Engineer’s Corner: The Shoring System Selection Process
Excavation support and shoring decisions can be complicated. The amount of soil conditions and variables that go into defining the problem and the shoring system alternatives to choose from can be overwhelming. The results of getting it wrong can be very expensive, while being overly cautious can result in not getting awarded the job or excessive costs when you do get the job. This article discusses the process of shoring situation definition and resolution.
Shoring system problems are usually first defined and cost effective solutions derived during the estimating and bidding process. There are six major questions that should always be asked and answered:
- Is the soil cohesive or non-cohesive?
- Where is the water table?
- Will the soil stand up long enough to install the shoring?
- What are the clear access dimensions I need inside the excavation?
- What are the consequences of deflection and ground movement?
- Is there a stable bottom?
The answer to these questions should lead an estimator to a reasonable cost effective solution for the project. Some of the possible alternatives are listed in approximate order of increasing gross equipment cost (actual cost benefits and ordering for each system will differ based on the specific project):
- Open cut
- Hydraulic shores
- Buildable aluminum boxes
- Trench shields
- Slide rail systems
Driven Systems (AKA Brace and Sheeting ):
- Shield and plate behind
- Pile and plate or lagging
- Sheet pile guide frame
- Sheet pile
Here is how one could answer the questions at bid time using the plans and specifications and the soils report:
1. Is the soil cohesive or non-cohesive?
Focus on the soil in the layer closest to the bottom of the excavation. On a bore log look at the description, cohesive soils are described in terms of consistency. Look for the words very soft, soft, medium stiff, stiff, or very stiff (Table 1). If the soil is non-cohesive it will be described in terms of density as very loose, loose, and medium dense, or very dense (Table 2). These terms are the “tell” for this most basic cohesive or non-cohesive soil type division.
- Cohesive soils derive their strength from the electronic bond in clay particles, while non-cohesive soils stand up due to friction between the soil particles
- Cohesive soils do not give up water easily, they can usually be dewatered from inside the excavation using sumps regardless of the water table while non-cohesive soils give up or allow water to flow easily and therefore requires more expensive and aggressive dewatering strategy in high water tables, usually from wells outside the excavation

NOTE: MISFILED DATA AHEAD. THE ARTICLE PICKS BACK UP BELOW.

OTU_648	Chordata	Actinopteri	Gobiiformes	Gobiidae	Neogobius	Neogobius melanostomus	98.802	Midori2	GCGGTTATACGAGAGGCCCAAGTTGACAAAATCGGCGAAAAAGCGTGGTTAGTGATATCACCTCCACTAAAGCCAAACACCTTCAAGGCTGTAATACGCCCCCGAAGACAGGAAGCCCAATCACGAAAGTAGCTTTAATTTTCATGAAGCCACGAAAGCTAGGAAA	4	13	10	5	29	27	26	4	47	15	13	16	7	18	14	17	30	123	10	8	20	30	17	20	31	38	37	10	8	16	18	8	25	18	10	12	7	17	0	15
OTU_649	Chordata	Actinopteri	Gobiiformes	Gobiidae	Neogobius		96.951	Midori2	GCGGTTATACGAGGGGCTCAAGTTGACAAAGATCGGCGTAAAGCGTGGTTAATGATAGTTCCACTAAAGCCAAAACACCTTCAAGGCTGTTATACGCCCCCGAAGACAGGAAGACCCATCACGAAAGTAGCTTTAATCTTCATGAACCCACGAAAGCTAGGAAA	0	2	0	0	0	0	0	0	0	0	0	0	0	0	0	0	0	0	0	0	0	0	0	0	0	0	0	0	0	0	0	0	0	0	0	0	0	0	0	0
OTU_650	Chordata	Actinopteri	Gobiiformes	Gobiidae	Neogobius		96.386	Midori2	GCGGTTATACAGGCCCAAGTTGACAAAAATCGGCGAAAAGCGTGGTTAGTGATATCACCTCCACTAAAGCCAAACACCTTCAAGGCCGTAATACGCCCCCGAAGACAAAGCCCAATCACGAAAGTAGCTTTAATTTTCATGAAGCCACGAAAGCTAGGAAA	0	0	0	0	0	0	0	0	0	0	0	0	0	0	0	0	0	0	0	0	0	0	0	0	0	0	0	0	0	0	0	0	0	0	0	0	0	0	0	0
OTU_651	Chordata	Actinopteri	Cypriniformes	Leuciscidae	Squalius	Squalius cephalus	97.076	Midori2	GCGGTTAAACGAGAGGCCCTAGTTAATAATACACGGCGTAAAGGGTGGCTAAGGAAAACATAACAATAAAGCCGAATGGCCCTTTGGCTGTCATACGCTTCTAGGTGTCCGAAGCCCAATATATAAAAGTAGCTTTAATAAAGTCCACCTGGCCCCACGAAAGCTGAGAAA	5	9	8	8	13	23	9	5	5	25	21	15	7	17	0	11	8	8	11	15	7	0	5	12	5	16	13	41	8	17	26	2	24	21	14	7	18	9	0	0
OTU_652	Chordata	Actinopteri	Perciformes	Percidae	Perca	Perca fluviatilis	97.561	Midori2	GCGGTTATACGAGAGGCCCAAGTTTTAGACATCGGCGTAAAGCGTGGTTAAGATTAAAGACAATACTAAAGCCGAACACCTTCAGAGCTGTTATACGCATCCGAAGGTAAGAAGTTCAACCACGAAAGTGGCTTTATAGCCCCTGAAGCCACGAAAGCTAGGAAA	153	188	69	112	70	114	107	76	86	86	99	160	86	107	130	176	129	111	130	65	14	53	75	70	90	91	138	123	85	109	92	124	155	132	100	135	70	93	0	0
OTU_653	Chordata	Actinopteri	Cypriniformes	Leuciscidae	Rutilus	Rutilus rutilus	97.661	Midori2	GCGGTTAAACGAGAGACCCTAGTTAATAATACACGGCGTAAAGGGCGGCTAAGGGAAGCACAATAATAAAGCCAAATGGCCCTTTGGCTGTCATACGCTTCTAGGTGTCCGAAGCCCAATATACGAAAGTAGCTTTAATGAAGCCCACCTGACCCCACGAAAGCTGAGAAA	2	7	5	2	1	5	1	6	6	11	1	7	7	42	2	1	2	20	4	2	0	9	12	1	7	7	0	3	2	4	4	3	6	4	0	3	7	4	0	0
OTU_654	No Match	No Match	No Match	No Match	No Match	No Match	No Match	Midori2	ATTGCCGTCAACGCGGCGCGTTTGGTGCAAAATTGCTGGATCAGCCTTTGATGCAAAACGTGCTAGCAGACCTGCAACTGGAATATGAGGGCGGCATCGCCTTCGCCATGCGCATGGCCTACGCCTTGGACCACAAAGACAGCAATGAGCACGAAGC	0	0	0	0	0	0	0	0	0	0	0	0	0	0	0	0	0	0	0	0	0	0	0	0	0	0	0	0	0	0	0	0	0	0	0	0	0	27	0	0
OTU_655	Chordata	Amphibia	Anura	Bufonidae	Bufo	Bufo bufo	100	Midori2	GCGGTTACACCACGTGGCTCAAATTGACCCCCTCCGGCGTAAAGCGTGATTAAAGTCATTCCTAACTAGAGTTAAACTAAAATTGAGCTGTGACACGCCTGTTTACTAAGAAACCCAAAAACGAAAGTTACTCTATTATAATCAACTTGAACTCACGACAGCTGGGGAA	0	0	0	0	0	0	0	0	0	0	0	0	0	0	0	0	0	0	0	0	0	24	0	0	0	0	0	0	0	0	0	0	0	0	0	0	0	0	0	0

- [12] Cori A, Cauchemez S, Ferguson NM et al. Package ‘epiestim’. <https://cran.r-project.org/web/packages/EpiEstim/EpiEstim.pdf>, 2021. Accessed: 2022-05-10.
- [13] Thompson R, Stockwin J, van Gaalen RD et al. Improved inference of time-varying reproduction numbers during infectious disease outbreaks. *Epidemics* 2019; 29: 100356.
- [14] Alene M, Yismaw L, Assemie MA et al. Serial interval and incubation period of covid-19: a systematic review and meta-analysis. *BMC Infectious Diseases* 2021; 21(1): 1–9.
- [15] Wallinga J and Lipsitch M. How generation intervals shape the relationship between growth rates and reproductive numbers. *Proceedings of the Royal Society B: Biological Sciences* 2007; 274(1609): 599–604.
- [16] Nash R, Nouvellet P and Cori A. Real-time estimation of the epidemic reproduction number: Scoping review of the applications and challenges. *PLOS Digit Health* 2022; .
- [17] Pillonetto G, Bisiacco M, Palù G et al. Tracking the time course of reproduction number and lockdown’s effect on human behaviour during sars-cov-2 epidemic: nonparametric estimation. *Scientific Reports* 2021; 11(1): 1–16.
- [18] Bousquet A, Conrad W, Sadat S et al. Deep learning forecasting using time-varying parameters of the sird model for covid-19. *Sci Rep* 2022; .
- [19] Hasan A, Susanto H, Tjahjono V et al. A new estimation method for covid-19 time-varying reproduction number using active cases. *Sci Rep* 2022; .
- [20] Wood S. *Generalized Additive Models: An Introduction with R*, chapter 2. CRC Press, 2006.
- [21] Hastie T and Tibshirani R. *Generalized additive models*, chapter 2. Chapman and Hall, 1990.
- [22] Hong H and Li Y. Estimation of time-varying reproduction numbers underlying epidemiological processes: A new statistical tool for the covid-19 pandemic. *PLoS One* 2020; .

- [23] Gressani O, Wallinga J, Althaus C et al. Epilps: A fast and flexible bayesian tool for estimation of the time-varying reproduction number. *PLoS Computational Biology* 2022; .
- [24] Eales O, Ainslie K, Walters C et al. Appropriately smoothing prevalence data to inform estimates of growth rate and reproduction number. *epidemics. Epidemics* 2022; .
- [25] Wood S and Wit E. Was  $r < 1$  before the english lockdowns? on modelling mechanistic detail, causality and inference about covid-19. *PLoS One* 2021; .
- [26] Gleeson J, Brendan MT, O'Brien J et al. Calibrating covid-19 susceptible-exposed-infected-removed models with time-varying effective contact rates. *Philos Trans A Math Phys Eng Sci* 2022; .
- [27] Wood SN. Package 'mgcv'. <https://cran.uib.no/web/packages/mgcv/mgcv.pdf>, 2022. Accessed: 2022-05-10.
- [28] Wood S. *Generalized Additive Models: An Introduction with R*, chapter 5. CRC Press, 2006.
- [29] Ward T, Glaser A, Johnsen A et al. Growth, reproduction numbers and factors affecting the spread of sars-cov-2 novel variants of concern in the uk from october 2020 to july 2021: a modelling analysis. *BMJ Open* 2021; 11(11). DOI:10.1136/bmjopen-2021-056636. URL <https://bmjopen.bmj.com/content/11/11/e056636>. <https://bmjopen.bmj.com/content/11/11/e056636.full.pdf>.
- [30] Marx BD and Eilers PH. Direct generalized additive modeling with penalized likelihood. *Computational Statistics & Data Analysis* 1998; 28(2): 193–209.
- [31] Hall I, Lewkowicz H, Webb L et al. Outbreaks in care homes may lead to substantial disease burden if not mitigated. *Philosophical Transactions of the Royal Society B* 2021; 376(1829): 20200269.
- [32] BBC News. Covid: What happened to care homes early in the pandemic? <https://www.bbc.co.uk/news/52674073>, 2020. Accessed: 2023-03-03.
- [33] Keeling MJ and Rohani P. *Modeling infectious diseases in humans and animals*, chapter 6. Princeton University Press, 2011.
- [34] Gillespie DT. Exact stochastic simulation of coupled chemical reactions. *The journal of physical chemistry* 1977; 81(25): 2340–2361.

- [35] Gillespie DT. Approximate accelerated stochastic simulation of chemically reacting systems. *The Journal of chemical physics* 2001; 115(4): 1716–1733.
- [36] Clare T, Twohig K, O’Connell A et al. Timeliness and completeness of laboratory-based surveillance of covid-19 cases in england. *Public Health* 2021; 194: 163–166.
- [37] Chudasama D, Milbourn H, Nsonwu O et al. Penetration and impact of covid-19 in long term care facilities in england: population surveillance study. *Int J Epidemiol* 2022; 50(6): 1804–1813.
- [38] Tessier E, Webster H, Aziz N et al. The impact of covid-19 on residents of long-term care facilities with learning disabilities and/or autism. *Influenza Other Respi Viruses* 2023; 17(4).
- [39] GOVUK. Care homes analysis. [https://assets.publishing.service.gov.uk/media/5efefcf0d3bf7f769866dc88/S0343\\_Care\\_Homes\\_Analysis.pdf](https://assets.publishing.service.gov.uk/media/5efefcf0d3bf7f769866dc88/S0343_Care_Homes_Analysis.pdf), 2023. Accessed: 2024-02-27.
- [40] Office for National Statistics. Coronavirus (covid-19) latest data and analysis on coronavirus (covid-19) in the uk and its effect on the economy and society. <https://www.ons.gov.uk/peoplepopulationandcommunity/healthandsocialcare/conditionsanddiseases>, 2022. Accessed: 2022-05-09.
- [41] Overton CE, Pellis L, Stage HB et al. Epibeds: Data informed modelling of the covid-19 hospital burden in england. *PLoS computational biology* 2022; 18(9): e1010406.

There are many other differences between these soil types; however, just these two alone can have a tremendous effect on the cost of the shoring system.
2. Where is the water table?
In most all cases if the water table is above the bottom of the excavation it has to be lowered in the area of the shoring to typically 2-ft below the bottom of the excavation. In clay soils this is fairly easy to do by directing the seeping water inside the excavation to a sump and pumping it out. With non-cohesive soils the contractor will consider dewatering wells drilled outside the excavation and pumping costs. Also consider the possibility of having to use a sheet piling shoring system to slow or cut the water off, insertion systems that end at the bottom of the excavation will not cut off water flows .
3. Will the soil stand long enough to install the shoring?
Cohesive soils stand longer and better than non-cohesive soils. The ability for the soil to “stand” long enough to insert the shoring is critical to the success of using hydraulic shores and shoring boxes. Where the soil will not stand slide rail becomes an even more cost effective alternative. Base stability is determined by the strength of the soil below the base level. Soil strength and “stand-up ability” is fairly easily determined by looking on the boring log and comparing the layer descriptions and blow counts to Tables 1 and 2 shown above. If the description for a clay layer is very soft or soft there can be problems with deep excavation cuts before inserting the shoring. Very soft is also an indication for a very high potential for bottom heave. In non-cohesive soils, very loose will not stand up and loose soils will need at least 8 percent “fines” in order to stand up in trenches less than 10-ft deep long enough to set hydraulic shores or shields.
4. What are the clear access dimensions I need inside the excavation?
Pipe comes in various lengths, bore pits usually require around a minimum of 20-ft clear dimension to lower in pipe and equipment. Buried concrete structures have to be constructed in lifts and require 3-ft clear of the finish dimensions to construct formwork.
There are limitations in width and spacing of shoring systems. Some general guidelines include:
- Hydraulic shoring is limited to widths of less than 12-ft on center, while the best spacing is usually 8-ft on center. Vertical clearance is limited to a maximum 4-ft.